A unique teacher residency program transforms both teaching and learning

The Center for Inspired Teaching's innovative model boosts both teacher retention and student performance.

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On a sunny July morning at Washington, D.C.’s Capital City Public Charter School, 30 aspiring teachers sit cross-legged in small clusters on the floor of a brightly decorated classroom. Music plays softly from classroom speakers.

This is not your traditional teacher preparation program. Instead of textbooks and quizzes, teaching fellows will step into a classroom as “residents” working with experienced teachers.
Today is day three in an intensive, three-week long teacher training seminar. Moderator Monisha Karnani has asked the groups to share their best experiences as students and to write on Post-It notes what made their teachers memorable.

The Post-Its pile up quickly: “Engaging.” “Cares about students.” “Helps overcome obstacles.” “He made history fun,” one woman tells her group. “I was having a hard time in class, and he helped me through it.”

The 30 members of this group are fellows with Center for Inspired Teaching, a Washington, D.C. nonprofit founded in 1995 that’s long been on the leading edge of transforming how both teachers and students are taught.

This is not your traditional teacher preparation program.

There are no lectures, no textbooks, no quizzes. Instead, the members of this group will step into their first classrooms in D.C. public schools in the fall as teaching “residents.” They’ll spend one year sharing the classroom with a “lead” teacher at one of the program’s four partnering schools before they’re assigned to lead their own classrooms the following year. At the end of the 24-month program, the residents (“Fellows”) will have earned a D.C. teaching license and a master’s degree in teaching from Trinity Washington University.

“A lot of teacher training programs will do a 50-slide deck of PowerPoint slides on ‘active learning’ and how to create an engaging classroom,” said Karnani, who manages the residency program with co-director Shannon Kane. “There’s a disconnect there. We teach teachers in the way we want them to teach children – in a way that’s physically, emotionally and intellectually engaging.”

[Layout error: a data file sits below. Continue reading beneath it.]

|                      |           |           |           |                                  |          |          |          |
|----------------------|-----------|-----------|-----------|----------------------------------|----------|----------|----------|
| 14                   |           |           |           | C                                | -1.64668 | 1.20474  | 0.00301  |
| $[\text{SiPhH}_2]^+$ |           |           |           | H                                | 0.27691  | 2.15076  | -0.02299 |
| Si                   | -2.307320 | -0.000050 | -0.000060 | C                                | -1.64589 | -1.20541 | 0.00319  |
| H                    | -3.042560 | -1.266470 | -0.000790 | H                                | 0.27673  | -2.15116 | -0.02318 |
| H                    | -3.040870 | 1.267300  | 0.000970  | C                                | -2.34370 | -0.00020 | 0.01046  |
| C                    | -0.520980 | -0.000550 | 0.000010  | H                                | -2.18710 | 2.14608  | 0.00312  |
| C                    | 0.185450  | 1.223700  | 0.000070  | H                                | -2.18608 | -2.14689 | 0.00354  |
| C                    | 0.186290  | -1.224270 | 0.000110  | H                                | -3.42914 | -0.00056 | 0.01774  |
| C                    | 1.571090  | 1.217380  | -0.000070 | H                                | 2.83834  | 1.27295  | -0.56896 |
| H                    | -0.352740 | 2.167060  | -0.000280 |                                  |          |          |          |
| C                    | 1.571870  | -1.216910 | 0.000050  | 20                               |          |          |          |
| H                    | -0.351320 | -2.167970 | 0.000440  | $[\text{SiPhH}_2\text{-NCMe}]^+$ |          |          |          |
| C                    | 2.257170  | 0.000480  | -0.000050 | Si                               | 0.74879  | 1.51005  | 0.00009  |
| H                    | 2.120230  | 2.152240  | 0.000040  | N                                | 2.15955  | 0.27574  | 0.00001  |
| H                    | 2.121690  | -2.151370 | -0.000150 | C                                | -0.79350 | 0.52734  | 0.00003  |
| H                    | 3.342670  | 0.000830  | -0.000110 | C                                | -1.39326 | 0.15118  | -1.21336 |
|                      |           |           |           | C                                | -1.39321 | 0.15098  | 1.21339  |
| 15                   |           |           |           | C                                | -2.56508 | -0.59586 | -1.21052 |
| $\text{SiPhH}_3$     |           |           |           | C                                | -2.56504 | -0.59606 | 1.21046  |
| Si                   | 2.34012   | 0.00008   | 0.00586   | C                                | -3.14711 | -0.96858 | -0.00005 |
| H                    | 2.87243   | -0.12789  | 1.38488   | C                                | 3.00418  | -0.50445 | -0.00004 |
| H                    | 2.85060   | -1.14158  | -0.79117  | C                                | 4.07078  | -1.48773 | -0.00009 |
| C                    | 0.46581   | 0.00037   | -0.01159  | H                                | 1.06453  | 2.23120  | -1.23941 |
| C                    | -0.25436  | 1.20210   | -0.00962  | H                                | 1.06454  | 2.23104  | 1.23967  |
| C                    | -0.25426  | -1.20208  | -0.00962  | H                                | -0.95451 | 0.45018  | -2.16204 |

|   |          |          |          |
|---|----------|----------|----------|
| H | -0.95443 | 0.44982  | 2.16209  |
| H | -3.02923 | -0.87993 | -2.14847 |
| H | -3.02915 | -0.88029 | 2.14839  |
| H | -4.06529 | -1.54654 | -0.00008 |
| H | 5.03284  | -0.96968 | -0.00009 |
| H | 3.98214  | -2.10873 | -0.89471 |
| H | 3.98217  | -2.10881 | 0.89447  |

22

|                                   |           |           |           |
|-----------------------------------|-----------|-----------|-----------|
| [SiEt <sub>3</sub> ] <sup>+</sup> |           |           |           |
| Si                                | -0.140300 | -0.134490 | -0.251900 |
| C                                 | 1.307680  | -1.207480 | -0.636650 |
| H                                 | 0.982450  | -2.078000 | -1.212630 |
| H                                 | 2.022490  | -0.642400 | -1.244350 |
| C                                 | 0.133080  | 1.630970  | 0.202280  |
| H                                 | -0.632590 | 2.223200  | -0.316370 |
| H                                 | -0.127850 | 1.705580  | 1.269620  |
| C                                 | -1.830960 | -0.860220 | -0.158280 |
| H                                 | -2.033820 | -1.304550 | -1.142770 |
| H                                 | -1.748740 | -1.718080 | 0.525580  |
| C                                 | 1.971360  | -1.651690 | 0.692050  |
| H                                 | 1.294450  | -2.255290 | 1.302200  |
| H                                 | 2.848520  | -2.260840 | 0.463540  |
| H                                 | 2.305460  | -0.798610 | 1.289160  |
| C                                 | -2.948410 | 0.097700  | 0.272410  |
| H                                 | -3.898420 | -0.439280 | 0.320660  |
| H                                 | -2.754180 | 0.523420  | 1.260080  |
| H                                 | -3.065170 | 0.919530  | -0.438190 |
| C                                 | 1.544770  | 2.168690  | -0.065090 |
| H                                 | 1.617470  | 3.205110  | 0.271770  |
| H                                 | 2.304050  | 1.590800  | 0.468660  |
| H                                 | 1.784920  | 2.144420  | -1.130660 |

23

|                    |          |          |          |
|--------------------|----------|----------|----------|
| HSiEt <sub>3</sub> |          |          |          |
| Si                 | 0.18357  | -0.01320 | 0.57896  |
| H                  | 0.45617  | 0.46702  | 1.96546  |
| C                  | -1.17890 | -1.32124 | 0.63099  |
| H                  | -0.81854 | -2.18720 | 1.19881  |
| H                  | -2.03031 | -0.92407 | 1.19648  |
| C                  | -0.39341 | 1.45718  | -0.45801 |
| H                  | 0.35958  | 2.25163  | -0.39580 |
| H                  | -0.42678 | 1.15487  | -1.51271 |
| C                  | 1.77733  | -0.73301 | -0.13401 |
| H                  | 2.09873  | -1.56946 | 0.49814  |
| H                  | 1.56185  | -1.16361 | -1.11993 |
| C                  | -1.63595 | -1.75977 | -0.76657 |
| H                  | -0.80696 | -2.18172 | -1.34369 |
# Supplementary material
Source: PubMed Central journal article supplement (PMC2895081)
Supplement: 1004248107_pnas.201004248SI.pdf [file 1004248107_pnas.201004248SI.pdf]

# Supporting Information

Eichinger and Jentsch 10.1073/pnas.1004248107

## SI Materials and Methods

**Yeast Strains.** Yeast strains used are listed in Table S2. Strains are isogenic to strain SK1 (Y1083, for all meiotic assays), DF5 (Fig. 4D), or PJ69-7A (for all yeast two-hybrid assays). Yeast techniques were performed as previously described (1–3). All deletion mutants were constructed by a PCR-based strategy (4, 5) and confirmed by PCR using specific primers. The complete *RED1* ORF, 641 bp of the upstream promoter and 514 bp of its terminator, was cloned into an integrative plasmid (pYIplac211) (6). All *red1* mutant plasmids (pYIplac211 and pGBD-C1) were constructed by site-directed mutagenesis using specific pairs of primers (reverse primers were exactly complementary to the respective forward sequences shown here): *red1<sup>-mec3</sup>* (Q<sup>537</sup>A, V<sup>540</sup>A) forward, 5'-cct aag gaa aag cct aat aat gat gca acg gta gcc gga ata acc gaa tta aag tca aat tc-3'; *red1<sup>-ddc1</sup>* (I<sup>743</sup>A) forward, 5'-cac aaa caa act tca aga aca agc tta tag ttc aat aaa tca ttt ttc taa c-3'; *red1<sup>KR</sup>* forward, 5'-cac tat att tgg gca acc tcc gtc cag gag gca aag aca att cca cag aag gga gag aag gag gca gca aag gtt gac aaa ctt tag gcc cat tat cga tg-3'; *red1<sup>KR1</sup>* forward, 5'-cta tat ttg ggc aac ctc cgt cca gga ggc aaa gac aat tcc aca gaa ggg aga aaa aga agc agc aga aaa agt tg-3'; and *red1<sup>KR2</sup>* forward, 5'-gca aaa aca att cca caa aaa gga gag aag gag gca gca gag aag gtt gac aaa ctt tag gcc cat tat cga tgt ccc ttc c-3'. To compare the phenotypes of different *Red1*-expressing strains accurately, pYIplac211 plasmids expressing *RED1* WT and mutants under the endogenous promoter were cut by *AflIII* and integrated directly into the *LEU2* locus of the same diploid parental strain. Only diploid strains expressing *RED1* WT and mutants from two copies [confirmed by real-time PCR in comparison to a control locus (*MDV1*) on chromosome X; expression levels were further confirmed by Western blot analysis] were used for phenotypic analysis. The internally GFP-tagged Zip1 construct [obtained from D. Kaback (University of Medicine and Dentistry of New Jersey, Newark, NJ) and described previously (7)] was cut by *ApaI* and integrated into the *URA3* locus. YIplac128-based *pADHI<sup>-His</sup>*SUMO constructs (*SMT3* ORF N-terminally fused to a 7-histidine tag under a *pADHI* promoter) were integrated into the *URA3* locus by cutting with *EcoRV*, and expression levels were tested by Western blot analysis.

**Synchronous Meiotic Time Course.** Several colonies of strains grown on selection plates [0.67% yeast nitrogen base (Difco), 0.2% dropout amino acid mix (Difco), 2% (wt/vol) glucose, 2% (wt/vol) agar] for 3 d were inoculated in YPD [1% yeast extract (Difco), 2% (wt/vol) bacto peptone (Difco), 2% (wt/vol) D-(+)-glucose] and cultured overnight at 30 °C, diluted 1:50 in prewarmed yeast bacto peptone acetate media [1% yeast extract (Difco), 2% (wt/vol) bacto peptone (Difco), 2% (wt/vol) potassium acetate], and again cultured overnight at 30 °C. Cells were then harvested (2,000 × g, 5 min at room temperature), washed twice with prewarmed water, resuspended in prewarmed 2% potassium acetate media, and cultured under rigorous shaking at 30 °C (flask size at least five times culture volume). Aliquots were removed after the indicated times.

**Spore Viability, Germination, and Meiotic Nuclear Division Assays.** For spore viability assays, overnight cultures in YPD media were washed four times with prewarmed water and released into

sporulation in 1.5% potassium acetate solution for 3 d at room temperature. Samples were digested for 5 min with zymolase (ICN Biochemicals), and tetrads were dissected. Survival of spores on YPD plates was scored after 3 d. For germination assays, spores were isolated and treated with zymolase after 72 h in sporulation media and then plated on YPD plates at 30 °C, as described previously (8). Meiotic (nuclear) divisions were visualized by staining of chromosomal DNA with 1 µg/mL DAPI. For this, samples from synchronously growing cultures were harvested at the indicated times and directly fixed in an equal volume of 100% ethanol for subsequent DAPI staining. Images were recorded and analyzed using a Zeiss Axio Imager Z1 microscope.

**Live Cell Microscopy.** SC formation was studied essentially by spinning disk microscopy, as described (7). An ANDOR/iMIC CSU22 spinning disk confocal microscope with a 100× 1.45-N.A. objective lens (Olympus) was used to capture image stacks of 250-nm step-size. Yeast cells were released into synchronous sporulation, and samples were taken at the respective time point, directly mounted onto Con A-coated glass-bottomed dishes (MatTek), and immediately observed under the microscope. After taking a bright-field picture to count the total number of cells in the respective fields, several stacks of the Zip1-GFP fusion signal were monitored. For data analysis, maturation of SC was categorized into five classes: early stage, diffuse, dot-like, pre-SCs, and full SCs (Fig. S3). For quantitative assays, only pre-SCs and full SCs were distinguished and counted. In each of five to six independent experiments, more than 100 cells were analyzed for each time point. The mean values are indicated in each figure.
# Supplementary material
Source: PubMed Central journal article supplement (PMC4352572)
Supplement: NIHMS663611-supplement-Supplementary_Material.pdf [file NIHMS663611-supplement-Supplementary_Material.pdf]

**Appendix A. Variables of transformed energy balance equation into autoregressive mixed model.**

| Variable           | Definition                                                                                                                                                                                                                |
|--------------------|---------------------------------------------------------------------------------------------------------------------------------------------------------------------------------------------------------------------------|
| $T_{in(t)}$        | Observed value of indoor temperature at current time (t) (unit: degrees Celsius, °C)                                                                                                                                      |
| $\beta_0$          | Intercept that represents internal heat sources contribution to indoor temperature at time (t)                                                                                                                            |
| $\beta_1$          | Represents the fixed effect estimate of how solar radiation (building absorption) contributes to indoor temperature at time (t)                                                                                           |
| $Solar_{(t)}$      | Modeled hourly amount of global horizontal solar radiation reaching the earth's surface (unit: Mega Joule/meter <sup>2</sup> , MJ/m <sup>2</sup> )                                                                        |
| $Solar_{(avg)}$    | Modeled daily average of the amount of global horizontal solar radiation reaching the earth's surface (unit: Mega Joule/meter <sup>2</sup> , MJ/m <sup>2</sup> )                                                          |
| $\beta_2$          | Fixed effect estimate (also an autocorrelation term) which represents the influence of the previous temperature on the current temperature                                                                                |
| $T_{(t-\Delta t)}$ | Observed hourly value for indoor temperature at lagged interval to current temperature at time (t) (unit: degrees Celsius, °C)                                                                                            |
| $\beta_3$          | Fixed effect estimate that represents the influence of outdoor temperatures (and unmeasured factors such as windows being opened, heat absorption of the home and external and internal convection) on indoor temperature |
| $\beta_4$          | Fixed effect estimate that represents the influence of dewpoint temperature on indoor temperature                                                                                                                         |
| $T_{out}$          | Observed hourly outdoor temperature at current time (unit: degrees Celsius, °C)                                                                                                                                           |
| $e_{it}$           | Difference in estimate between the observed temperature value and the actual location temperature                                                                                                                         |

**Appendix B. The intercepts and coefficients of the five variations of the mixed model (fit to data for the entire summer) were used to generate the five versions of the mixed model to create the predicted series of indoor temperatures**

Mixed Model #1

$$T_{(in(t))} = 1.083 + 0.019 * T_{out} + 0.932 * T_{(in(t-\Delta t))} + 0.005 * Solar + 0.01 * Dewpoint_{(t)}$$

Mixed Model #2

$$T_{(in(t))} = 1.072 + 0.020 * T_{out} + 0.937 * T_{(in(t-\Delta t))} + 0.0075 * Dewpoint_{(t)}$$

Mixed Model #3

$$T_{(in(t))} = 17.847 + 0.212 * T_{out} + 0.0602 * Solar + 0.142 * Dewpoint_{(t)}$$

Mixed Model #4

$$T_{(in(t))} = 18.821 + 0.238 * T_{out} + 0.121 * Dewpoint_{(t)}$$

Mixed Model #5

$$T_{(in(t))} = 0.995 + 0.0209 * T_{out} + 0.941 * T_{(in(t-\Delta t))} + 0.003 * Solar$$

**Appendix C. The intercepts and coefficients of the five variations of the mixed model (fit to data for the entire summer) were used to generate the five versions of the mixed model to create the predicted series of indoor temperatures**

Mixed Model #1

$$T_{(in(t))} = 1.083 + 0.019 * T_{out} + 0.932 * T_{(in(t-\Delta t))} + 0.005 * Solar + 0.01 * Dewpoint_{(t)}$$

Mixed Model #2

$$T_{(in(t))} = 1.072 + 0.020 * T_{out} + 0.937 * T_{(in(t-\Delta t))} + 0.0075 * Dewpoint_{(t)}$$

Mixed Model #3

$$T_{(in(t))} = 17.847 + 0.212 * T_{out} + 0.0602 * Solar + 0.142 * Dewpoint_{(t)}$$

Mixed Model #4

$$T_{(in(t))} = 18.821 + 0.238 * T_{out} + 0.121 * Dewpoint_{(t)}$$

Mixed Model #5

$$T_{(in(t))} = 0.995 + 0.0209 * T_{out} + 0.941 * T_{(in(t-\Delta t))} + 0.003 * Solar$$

This morning’s exercise, said Kane, was intended to help new teachers translate their own experiences as learners into the classroom. “If you look at yourself as an individual and as a learner, you’ll have the lens to work with 20 individuals and learners in your class,” she said. “We’re not giving you a cheat sheet or a formula – as a teacher, you should do A, B and C. We’re starting with you as an individual.”

As teacher quality gains the spotlight in education reform, programs such as Center for Inspired Teaching are also gaining attention.

Teaching Fellows at Center for Inspired Teaching. Image credit: Center for Inspired Teaching

Teaching Fellows at Center for Inspired Teaching. Image credit: Center for Inspired Teaching

Improving teacher quality has been a signature priority for both President Obama and Secretary of Education Arne Duncan. “Nothing is more important and nothing has a greater impact on the quality of education than the quality and skill of the person standing in the front of the class,” said Duncan in 2010.

And often, the students most in need of quality teachers are the ones most lacking. A Department of Education report concluded that disadvantaged students were less likely to have effective teachers than students in other schools, and that “the average disparity in teaching effectiveness was equivalent to about four weeks of learning for reading and two weeks for math.”

In 2009 and 2010, Congress and the Administration committed $143 million (including $100 million under the American Recovery and Reinvestment Act) to fund “Teacher Quality Partnership Grants” aimed at encouraging state and local efforts to reform teacher preparation.

Among the reforms favored by this funding is the teacher residency approach that Center for Inspired Teaching also offers.

Teacher residency programs may alleviate one of the biggest current challenges in teacher quality: retention.
Federally-funded teacher residency programs are now available in Boston, New York, Chicago, Denver and a host of other cities. The Urban Teacher Residency Network maintains a coalition of teaching residency programs, and the charter school company KIPP offers a residency program as well, including one in D.C.